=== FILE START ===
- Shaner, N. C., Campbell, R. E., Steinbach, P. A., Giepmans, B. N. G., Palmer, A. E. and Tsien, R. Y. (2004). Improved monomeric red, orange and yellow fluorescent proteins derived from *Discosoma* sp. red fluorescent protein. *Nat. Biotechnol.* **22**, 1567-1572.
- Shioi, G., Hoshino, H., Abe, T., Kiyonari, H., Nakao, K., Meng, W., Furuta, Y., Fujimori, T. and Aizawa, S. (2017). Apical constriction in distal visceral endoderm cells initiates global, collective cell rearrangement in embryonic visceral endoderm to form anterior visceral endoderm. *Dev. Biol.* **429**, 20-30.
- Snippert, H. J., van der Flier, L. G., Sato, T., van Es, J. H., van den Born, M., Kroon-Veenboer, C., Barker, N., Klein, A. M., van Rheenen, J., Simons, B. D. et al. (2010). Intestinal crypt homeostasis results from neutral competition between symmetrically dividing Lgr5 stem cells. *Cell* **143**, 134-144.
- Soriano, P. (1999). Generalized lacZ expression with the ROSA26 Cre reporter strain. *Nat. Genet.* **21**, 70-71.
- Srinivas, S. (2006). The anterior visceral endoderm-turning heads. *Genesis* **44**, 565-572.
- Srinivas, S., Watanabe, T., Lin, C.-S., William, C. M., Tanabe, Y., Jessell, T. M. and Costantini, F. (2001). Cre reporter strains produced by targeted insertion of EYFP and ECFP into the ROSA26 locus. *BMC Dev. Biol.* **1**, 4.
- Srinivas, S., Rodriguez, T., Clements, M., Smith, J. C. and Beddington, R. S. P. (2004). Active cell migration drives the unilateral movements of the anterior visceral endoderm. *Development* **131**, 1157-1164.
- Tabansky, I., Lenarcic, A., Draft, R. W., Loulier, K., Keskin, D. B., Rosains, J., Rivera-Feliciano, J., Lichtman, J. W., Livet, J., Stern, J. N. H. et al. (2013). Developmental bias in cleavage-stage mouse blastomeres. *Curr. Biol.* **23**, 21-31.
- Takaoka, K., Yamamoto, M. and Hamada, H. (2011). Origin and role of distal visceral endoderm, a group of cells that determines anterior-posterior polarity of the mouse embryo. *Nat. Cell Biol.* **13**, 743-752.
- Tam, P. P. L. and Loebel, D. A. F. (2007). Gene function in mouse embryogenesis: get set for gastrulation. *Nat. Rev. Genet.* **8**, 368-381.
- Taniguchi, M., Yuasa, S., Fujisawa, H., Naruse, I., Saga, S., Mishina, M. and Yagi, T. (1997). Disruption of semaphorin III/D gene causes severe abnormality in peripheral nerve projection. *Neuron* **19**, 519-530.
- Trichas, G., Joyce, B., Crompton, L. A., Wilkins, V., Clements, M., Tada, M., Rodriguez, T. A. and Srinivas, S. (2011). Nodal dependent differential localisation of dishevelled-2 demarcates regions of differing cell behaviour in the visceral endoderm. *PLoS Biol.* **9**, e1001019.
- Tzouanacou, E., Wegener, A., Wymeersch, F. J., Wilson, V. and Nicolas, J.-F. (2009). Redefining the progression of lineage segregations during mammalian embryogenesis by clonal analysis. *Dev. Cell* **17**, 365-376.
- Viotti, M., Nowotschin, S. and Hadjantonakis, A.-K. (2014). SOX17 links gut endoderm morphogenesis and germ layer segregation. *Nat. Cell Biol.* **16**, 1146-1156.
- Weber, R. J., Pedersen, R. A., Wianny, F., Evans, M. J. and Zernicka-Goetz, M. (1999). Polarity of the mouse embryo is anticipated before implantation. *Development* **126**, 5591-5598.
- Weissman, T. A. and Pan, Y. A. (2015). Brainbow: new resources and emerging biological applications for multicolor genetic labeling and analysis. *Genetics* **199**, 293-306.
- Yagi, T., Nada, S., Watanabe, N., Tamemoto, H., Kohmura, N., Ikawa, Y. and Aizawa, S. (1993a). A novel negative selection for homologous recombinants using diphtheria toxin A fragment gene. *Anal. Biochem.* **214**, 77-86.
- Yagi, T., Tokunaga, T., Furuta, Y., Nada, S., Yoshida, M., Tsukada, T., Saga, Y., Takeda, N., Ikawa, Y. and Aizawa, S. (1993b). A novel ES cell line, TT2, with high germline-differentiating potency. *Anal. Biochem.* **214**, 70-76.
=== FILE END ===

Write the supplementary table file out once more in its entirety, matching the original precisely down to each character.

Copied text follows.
- Shaner, N. C., Campbell, R. E., Steinbach, P. A., Giepmans, B. N. G., Palmer, A. E. and Tsien, R. Y. (2004). Improved monomeric red, orange and yellow fluorescent proteins derived from *Discosoma* sp. red fluorescent protein. *Nat. Biotechnol.* **22**, 1567-1572.
- Shioi, G., Hoshino, H., Abe, T., Kiyonari, H., Nakao, K., Meng, W., Furuta, Y., Fujimori, T. and Aizawa, S. (2017). Apical constriction in distal visceral endoderm cells initiates global, collective cell rearrangement in embryonic visceral endoderm to form anterior visceral endoderm. *Dev. Biol.* **429**, 20-30.
- Snippert, H. J., van der Flier, L. G., Sato, T., van Es, J. H., van den Born, M., Kroon-Veenboer, C., Barker, N., Klein, A. M., van Rheenen, J., Simons, B. D. et al. (2010). Intestinal crypt homeostasis results from neutral competition between symmetrically dividing Lgr5 stem cells. *Cell* **143**, 134-144.
- Soriano, P. (1999). Generalized lacZ expression with the ROSA26 Cre reporter strain. *Nat. Genet.* **21**, 70-71.
- Srinivas, S. (2006). The anterior visceral endoderm-turning heads. *Genesis* **44**, 565-572.
- Srinivas, S., Watanabe, T., Lin, C.-S., William, C. M., Tanabe, Y., Jessell, T. M. and Costantini, F. (2001). Cre reporter strains produced by targeted insertion of EYFP and ECFP into the ROSA26 locus. *BMC Dev. Biol.* **1**, 4.
- Srinivas, S., Rodriguez, T., Clements, M., Smith, J. C. and Beddington, R. S. P. (2004). Active cell migration drives the unilateral movements of the anterior visceral endoderm. *Development* **131**, 1157-1164.
- Tabansky, I., Lenarcic, A., Draft, R. W., Loulier, K., Keskin, D. B., Rosains, J., Rivera-Feliciano, J., Lichtman, J. W., Livet, J., Stern, J. N. H. et al. (2013). Developmental bias in cleavage-stage mouse blastomeres. *Curr. Biol.* **23**, 21-31.
- Takaoka, K., Yamamoto, M. and Hamada, H. (2011). Origin and role of distal visceral endoderm, a group of cells that determines anterior-posterior polarity of the mouse embryo. *Nat. Cell Biol.* **13**, 743-752.
- Tam, P. P. L. and Loebel, D. A. F. (2007). Gene function in mouse embryogenesis: get set for gastrulation. *Nat. Rev. Genet.* **8**, 368-381.
- Taniguchi, M., Yuasa, S., Fujisawa, H., Naruse, I., Saga, S., Mishina, M. and Yagi, T. (1997). Disruption of semaphorin III/D gene causes severe abnormality in peripheral nerve projection. *Neuron* **19**, 519-530.
- Trichas, G., Joyce, B., Crompton, L. A., Wilkins, V., Clements, M., Tada, M., Rodriguez, T. A. and Srinivas, S. (2011). Nodal dependent differential localisation of dishevelled-2 demarcates regions of differing cell behaviour in the visceral endoderm. *PLoS Biol.* **9**, e1001019.
- Tzouanacou, E., Wegener, A., Wymeersch, F. J., Wilson, V. and Nicolas, J.-F. (2009). Redefining the progression of lineage segregations during mammalian embryogenesis by clonal analysis. *Dev. Cell* **17**, 365-376.
- Viotti, M., Nowotschin, S. and Hadjantonakis, A.-K. (2014). SOX17 links gut endoderm morphogenesis and germ layer segregation. *Nat. Cell Biol.* **16**, 1146-1156.
- Weber, R. J., Pedersen, R. A., Wianny, F., Evans, M. J. and Zernicka-Goetz, M. (1999). Polarity of the mouse embryo is anticipated before implantation. *Development* **126**, 5591-5598.
- Weissman, T. A. and Pan, Y. A. (2015). Brainbow: new resources and emerging biological applications for multicolor genetic labeling and analysis. *Genetics* **199**, 293-306.
- Yagi, T., Nada, S., Watanabe, N., Tamemoto, H., Kohmura, N., Ikawa, Y. and Aizawa, S. (1993a). A novel negative selection for homologous recombinants using diphtheria toxin A fragment gene. *Anal. Biochem.* **214**, 77-86.
- Yagi, T., Tokunaga, T., Furuta, Y., Nada, S., Yoshida, M., Tsukada, T., Saga, Y., Takeda, N., Ikawa, Y. and Aizawa, S. (1993b). A novel ES cell line, TT2, with high germline-differentiating potency. *Anal. Biochem.* **214**, 70-76.